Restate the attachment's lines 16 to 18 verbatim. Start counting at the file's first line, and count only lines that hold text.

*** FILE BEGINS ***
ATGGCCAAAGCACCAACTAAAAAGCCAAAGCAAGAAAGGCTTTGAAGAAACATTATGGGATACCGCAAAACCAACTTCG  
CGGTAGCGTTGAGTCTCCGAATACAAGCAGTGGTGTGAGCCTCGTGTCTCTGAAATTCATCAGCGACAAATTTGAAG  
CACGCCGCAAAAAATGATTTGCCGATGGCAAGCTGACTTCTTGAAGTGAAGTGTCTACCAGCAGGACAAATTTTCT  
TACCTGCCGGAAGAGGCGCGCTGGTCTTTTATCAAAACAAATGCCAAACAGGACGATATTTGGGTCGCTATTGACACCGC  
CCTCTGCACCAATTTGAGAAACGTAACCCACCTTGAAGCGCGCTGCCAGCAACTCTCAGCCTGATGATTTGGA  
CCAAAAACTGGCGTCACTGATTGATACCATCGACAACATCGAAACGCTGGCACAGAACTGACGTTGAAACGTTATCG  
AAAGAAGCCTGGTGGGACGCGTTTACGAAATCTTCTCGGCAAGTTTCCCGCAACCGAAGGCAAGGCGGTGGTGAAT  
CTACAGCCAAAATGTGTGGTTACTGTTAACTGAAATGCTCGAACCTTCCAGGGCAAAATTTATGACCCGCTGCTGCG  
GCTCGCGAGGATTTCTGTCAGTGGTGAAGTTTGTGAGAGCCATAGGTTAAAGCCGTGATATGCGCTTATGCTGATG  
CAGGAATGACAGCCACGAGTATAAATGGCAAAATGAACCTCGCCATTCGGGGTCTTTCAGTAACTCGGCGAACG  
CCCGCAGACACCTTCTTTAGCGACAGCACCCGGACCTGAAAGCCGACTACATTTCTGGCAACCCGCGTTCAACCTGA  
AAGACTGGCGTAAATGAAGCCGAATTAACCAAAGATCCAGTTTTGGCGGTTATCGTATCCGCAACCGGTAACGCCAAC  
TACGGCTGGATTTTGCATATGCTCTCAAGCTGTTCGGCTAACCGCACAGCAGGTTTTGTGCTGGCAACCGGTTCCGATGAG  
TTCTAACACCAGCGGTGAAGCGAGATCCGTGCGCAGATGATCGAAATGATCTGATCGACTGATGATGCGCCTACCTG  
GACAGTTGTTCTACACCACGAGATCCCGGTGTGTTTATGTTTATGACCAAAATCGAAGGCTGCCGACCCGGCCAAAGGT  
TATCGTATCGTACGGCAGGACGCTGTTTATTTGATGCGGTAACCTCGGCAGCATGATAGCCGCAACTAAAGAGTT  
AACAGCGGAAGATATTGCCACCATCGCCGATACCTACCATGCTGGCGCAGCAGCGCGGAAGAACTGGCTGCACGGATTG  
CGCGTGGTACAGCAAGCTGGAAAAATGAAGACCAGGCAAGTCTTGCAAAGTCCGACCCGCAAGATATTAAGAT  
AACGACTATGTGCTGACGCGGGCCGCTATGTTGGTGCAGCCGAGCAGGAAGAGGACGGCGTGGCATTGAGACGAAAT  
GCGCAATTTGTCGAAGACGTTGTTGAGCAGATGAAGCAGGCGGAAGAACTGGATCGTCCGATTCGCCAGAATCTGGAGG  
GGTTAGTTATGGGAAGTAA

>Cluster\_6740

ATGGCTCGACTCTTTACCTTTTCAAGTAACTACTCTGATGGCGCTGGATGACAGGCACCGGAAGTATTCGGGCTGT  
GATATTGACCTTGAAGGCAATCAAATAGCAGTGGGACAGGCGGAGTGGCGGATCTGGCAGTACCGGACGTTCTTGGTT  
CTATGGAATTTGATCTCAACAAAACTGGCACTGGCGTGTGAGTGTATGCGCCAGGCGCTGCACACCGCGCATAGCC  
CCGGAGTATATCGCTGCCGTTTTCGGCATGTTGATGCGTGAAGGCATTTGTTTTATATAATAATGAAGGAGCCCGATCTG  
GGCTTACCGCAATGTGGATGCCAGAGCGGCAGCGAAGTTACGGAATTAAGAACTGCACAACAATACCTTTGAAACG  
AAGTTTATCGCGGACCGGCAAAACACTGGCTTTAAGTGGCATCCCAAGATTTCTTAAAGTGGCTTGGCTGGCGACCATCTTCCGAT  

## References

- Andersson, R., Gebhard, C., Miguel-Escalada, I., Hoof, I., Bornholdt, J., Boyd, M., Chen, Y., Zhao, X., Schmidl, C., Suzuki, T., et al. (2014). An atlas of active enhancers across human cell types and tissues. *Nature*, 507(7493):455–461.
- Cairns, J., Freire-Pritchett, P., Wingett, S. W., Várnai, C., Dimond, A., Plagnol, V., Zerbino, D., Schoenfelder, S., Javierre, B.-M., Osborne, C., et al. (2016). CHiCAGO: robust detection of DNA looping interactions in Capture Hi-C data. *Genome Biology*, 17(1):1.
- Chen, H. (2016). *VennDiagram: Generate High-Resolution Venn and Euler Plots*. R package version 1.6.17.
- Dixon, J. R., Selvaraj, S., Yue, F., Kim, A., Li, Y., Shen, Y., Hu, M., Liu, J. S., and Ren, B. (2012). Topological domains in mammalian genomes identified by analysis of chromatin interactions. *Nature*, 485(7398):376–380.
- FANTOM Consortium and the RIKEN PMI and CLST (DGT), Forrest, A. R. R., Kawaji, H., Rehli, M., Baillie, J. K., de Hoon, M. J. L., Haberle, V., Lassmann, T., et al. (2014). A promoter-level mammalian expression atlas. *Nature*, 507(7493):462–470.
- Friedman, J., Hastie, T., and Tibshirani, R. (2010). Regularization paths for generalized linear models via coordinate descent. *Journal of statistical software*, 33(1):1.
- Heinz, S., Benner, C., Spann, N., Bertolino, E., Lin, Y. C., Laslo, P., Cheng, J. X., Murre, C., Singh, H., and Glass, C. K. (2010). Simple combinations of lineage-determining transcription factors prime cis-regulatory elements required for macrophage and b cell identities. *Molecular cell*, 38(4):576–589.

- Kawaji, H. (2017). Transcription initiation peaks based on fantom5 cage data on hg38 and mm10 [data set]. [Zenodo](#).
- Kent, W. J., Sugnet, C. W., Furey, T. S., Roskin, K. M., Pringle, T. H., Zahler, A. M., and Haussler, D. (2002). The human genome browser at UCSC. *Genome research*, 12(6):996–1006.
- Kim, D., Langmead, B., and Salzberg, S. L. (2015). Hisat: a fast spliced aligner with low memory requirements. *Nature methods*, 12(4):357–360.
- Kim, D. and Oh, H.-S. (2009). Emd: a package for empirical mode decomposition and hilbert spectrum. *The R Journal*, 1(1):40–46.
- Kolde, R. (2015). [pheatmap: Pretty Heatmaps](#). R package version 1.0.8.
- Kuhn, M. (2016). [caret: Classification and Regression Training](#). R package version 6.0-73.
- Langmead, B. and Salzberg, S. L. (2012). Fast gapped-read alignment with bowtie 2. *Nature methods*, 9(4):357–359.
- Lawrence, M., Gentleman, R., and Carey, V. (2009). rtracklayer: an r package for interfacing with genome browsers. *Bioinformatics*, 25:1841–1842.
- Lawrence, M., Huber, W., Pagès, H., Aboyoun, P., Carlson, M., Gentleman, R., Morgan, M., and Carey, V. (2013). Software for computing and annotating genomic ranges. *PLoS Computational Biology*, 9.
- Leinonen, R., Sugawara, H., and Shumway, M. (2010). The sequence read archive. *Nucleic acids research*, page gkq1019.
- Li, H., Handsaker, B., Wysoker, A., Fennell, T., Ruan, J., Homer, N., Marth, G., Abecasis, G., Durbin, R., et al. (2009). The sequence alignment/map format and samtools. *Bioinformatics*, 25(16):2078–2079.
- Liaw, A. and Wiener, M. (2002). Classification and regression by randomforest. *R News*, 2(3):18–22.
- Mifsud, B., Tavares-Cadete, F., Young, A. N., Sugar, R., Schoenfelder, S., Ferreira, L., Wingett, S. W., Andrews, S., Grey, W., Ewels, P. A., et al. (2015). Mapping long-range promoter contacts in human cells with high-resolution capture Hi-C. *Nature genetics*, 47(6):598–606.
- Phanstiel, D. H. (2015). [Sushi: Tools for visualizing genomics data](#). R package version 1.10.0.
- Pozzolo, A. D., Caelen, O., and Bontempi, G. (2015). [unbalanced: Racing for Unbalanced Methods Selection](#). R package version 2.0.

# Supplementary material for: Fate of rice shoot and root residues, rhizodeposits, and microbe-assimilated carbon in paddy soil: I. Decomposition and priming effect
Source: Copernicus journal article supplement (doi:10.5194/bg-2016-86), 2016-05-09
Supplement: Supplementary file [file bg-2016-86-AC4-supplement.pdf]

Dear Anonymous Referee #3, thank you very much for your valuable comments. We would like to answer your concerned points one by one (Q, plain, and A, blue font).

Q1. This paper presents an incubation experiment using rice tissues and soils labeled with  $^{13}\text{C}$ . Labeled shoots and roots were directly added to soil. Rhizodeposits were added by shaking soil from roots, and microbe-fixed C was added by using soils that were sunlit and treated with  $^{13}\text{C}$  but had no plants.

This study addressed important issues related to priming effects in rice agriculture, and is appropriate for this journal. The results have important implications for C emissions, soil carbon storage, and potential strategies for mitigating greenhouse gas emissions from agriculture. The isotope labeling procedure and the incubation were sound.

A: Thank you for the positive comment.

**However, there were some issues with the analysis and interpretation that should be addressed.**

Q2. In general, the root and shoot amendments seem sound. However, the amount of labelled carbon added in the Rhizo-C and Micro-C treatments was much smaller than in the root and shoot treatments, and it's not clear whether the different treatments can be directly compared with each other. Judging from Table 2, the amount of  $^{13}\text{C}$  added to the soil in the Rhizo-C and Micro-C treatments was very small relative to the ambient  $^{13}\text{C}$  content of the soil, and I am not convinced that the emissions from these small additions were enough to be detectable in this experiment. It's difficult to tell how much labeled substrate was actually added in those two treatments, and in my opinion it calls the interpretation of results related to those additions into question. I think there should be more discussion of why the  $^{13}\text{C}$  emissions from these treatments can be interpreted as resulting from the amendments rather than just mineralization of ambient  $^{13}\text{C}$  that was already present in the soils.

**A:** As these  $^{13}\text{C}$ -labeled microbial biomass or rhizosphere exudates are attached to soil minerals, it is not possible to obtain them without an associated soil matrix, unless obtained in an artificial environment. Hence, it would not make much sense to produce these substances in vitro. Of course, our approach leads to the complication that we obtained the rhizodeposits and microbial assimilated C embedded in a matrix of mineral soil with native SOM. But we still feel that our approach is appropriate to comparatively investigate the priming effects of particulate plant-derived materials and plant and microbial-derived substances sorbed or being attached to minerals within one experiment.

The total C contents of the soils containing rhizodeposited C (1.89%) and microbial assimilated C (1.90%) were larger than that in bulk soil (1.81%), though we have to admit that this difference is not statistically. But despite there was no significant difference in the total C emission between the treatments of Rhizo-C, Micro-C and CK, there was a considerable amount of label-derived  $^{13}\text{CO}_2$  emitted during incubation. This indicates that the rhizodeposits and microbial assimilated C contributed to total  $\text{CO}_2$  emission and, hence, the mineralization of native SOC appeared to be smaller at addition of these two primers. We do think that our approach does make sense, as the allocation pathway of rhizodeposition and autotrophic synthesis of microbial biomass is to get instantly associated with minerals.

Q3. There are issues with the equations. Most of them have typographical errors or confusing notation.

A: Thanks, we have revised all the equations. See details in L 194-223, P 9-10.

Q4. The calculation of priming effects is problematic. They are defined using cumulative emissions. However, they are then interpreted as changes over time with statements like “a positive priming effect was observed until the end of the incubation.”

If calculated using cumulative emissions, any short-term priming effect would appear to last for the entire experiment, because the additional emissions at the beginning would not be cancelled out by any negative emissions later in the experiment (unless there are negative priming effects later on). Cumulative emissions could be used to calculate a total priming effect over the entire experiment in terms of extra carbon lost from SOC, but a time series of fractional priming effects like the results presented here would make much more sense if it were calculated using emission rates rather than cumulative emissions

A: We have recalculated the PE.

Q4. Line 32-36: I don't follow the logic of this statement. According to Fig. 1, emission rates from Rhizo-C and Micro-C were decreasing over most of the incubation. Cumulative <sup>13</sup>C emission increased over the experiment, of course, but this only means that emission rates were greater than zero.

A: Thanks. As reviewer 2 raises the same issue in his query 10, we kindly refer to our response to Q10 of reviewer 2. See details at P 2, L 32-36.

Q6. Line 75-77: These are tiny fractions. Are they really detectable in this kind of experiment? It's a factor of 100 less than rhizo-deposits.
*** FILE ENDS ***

TATCGTATCGTACGGCAGGACGCTGTTTATTTGATGCGGTAACCTCGGCAGCATGATAGCCGCAACTAAAGAGTT  
AACAGCGGAAGATATTGCCACCATCGCCGATACCTACCATGCTGGCGCAGCAGCGCGGAAGAACTGGCTGCACGGATTG  
CGCGTGGTACAGCAAGCTGGAAAAATGAAGACCAGGCAAGTCTTGCAAAGTCCGACCCGCAAGATATTAAGAT  